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I haven’t made a batch of Phantom Rhubarb Muffins (from the Best of Bridge-so named because they’re so delicious they tend to disappear) for years, and keep meaning to. I love tart bits of rhubarb in my muffins, and this recipe doesn’t produce too big a batch – I know you can freeze them, but who ever needs 2 dozen muffins at a time? 8 is perfect. I made these one recent morning when we were packing up the car for a road trip, in order to avoid the mostly disappointing $2 highway muffins with our very necessary coffees. Note: because I was distracted (and am, in general, imperfect) I wasn’t thinking and used more butter and sugar in the simple crumble topping than necessary, which resulted only in more caramelly bits on top – nothing wrong with that. And though the recipe calls for pecans, I had almonds – use any nut you have in your baking cupboard, really.
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I have no shortage of ways to use the last of the sour cream or yogurt as it drifts past its expiry date (provided it’s not growing tiny Muppets on its surface, yes) – I stir it into pancake, waffle, muffin and banana bread batter, or make scones… I make green sauce or toss it in the freezer. But ladies and gents, we have a new contender… these tiny, tender fritters I came across in the great Edna Staebler’s Food That Really Schmecks (if you’re Canadian, you may remember it) – and though I didn’t think I needed a go-to fritter in my repertoire, it turns out I did.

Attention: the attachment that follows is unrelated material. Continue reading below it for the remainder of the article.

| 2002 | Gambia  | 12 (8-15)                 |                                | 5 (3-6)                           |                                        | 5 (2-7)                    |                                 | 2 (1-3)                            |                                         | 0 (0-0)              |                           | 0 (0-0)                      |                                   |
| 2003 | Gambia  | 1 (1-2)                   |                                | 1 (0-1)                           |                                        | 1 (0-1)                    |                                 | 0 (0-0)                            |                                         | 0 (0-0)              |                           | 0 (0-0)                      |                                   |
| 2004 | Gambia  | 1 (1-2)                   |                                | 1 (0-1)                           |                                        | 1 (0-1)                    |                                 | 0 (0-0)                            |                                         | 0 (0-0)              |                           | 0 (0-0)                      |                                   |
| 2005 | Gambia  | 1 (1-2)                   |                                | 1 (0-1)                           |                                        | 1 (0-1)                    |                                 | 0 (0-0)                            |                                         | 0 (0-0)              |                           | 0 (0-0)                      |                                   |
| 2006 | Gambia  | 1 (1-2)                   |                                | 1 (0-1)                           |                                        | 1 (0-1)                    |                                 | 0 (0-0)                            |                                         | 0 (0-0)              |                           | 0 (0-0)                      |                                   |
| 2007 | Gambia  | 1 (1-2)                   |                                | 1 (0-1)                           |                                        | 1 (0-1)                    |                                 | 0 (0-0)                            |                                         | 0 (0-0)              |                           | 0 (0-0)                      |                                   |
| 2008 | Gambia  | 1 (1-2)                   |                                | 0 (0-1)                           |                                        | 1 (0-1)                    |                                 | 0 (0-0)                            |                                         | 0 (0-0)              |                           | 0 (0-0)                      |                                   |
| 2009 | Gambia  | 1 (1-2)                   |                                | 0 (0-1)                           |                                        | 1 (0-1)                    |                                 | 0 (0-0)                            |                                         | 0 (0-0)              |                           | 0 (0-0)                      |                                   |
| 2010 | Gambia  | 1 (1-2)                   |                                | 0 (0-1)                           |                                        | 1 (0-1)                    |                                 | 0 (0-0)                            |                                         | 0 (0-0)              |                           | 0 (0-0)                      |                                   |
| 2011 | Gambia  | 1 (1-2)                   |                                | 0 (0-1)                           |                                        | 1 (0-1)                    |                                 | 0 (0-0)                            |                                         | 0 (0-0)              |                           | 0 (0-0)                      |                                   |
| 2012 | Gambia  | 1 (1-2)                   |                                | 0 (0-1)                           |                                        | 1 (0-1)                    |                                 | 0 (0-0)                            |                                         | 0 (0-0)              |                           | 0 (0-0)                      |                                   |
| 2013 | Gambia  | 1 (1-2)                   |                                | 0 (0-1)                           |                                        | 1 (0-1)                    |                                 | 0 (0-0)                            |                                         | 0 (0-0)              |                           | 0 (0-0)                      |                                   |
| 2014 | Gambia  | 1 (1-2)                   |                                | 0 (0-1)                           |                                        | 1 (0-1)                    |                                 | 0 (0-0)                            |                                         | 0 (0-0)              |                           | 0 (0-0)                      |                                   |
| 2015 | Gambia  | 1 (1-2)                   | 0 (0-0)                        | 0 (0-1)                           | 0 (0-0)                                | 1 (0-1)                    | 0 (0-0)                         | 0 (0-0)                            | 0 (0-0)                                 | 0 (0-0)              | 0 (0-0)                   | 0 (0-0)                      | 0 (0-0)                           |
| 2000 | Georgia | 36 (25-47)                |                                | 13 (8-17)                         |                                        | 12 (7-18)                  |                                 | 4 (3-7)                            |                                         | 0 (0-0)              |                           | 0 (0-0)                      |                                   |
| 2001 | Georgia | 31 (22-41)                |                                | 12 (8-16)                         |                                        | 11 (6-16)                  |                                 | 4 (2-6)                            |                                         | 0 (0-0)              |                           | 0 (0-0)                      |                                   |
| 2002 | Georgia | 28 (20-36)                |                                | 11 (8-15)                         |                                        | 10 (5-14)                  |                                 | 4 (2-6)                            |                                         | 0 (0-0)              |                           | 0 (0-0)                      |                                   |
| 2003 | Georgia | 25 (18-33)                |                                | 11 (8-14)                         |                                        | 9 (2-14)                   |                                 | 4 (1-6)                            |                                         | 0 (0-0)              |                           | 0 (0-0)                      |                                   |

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Onion Bialy

It’s unfortunate that the bialy has not achieved the same level of recognition as the bagel, as they are unquestionably as great. Originally from Bialystock, Poland, the soft rolls are made with a deep indent in the middle, rather than a hole, in which a small amount of filling (and sometimes a scattering of cheese) is added before baking – generally it’s caramelized onions and poppyseed. They’re regaining popularity at Jewish delis and bakeries in New York (particularly in the Lower East Side) and even Toronto, but I’ve never come across a bialy in Calgary. (Which isn’t to say they don’t exist… if you see some, let me know!) Fortunately, you can make your own – and if you have a veritable jungle of onions in your garden, this is a good way to attack them.